Creating a turbulent media landscape (from the 1960s Kennedy assassination to Tiananmen Square to our current day mediascape), the televised spectacle begins to de-sensitize rather than evoke affect from the spectator (Crary 1984, 291-2). Television merges a proliferation of disparate images into a singular plane of digital spectacle so that comedy sitcoms and civic celebrations appear alongside images of pornography and acts of terrorism. Crary, echoing Debord, argues that the televised spectacle produces a consciousness which operates solely according to the programming and structuring imported through televised media and its associated socio-economic structures. For theorists such as Foucault, Crary, Debord, and Baudrillard, the spectacular shifts from its theatrical origins and now carries with it issues of class ideology and modern subjectivity. With the shift into modernity, the traditional notion of spectacle as a visual and affective medium begins to delineate a more complex understanding of the spectacle and its relationship to the spectator. The spectator, confronted by new modes of socio-economic production and technology, ceases to simply be a receiver of affect and arguably becomes the modern or post-modern subject.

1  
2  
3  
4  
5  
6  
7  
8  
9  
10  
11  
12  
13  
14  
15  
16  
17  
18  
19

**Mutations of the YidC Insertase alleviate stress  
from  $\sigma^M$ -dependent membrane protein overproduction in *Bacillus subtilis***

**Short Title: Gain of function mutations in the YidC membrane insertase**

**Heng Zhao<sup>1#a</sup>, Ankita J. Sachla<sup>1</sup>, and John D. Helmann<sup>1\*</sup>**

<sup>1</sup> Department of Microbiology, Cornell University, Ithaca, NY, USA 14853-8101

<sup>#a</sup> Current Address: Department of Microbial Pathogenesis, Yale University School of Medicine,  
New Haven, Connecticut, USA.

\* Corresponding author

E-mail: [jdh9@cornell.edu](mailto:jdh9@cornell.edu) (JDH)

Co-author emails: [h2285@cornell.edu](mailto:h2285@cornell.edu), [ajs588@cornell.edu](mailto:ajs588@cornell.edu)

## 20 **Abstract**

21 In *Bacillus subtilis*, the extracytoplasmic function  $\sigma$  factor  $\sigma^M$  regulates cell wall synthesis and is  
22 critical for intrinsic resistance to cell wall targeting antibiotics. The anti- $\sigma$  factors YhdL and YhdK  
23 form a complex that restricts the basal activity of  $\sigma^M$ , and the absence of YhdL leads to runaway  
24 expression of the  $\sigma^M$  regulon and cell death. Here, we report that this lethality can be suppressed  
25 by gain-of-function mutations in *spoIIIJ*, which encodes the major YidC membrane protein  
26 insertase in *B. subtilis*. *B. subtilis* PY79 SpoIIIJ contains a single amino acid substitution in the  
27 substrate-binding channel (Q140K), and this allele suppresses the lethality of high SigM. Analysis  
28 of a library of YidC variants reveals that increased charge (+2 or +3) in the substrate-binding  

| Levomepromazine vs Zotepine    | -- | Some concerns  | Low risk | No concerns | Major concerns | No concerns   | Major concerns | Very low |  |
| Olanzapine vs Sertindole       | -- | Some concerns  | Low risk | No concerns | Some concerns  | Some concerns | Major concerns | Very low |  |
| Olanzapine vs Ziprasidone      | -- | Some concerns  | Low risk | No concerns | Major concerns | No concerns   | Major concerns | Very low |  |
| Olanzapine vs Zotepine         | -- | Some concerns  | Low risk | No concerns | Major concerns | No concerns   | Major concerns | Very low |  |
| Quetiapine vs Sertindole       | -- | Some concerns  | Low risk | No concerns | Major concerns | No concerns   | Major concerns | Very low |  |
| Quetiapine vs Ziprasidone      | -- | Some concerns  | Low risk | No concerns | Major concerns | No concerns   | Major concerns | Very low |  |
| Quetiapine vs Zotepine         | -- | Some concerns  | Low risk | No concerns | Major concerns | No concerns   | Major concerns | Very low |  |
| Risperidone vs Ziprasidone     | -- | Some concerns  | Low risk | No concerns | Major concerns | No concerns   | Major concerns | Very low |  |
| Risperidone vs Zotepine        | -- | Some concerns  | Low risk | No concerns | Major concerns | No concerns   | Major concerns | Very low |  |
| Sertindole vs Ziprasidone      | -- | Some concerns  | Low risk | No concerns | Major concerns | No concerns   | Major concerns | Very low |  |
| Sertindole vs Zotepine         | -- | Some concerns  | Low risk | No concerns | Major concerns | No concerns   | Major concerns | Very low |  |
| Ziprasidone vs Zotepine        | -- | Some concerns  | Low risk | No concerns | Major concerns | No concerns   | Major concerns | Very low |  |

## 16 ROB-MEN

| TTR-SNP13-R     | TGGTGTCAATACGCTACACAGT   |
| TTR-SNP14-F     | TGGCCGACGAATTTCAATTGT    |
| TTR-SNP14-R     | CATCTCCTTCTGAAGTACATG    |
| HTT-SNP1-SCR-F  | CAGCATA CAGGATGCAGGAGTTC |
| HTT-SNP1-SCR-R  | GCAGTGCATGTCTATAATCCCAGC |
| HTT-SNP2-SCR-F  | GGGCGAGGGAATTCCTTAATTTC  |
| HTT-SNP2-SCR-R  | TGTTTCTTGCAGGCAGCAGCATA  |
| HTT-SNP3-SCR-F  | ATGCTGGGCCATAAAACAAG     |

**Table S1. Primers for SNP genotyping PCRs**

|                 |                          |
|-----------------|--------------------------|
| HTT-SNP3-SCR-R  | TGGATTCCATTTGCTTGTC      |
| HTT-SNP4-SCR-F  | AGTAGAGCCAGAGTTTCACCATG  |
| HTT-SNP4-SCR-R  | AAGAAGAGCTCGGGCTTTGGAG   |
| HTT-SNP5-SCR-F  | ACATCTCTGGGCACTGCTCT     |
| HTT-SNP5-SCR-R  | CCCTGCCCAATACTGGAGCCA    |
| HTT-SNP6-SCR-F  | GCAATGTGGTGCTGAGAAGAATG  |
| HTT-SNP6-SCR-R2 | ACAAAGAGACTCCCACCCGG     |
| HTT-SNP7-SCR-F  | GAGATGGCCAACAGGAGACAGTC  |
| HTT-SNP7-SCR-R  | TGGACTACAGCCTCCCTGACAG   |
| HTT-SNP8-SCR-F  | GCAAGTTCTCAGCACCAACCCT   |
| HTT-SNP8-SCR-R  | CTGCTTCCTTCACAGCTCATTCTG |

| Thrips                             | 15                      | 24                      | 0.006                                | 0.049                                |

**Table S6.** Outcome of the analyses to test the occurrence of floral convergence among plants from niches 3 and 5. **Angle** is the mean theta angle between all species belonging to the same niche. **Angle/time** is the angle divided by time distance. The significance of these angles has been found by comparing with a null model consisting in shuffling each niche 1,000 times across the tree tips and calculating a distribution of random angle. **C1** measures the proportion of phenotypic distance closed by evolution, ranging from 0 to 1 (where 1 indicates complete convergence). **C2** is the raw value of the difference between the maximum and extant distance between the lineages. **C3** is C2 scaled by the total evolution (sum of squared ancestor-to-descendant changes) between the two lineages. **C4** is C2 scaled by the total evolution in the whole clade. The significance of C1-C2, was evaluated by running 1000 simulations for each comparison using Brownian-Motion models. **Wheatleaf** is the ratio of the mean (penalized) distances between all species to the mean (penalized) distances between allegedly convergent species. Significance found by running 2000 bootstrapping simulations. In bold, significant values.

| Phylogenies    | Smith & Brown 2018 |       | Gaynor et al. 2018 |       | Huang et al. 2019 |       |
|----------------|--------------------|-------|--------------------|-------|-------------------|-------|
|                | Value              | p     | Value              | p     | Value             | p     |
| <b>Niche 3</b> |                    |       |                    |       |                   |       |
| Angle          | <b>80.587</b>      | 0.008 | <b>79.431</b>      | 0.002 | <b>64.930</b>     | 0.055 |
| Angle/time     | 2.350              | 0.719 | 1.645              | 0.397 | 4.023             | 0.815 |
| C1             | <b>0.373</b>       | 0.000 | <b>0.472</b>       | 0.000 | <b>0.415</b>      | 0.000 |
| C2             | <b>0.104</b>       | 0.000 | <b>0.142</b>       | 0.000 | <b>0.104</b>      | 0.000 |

Aristotle. “De Poetica,” in Introduction to Aristotle. Trans. Ingram Bywater. Ed. Richard McKeon. New York: The Modern Library, 1992.
Barthes. “Leaving the Movie Theater,” in The Rustle of Language. Trans. Richard Howard. Berkeley: University of California Press, 1989.
Baudrillard, Jean. “The Precession of Simulacra,” in Art After Modernism: Rethinking Representation. Ed. Brian Wallis. New York: The New Museum of Contemporary Art, 1984.
Baudry, Jean-Louis. “Ideological Effects of the Basic Cinematographic Apparatus,” in Film Theory and Criticism : Introductory Readings. Ed. by Leo Braudy and Marshall Cohen. New York: Oxford University Press, 1999.
Crary, Jonathan. “Eclipse of the Spectacle,” in Art After Modernism: Rethinking Representation. Ed. Brian Wallis. New York: The New Museum of Contemporary Art, 1984.
Crary, Jonathan. Suspensions of Perception: Attention, Spectacle, and Modern Culture. Cambridge, Mass.: MIT Press, 1999.
Debord, Guy. Comments on the Society of the Spectacle. Trans. Malcolm Imrie. New York: Verso, 1990.
Debord, Guy. The Society of the Spectacle. Trans. Donald Nicholson-Smith. New York: Zone Books, 1999.
Foucault, Michel. Discipline and Punish. Trans. Alan Sheridan. New York: Vintage, 1977.
McLuhan, Marshall. Understanding Media: The Extensions of Man. New York: Signet, 1964.
Mulvey, Laura. “Visual Pleasure and Narrative Cinema,” in Visual and Other Pleasures. Bloomington: Indiana University Press, 1989.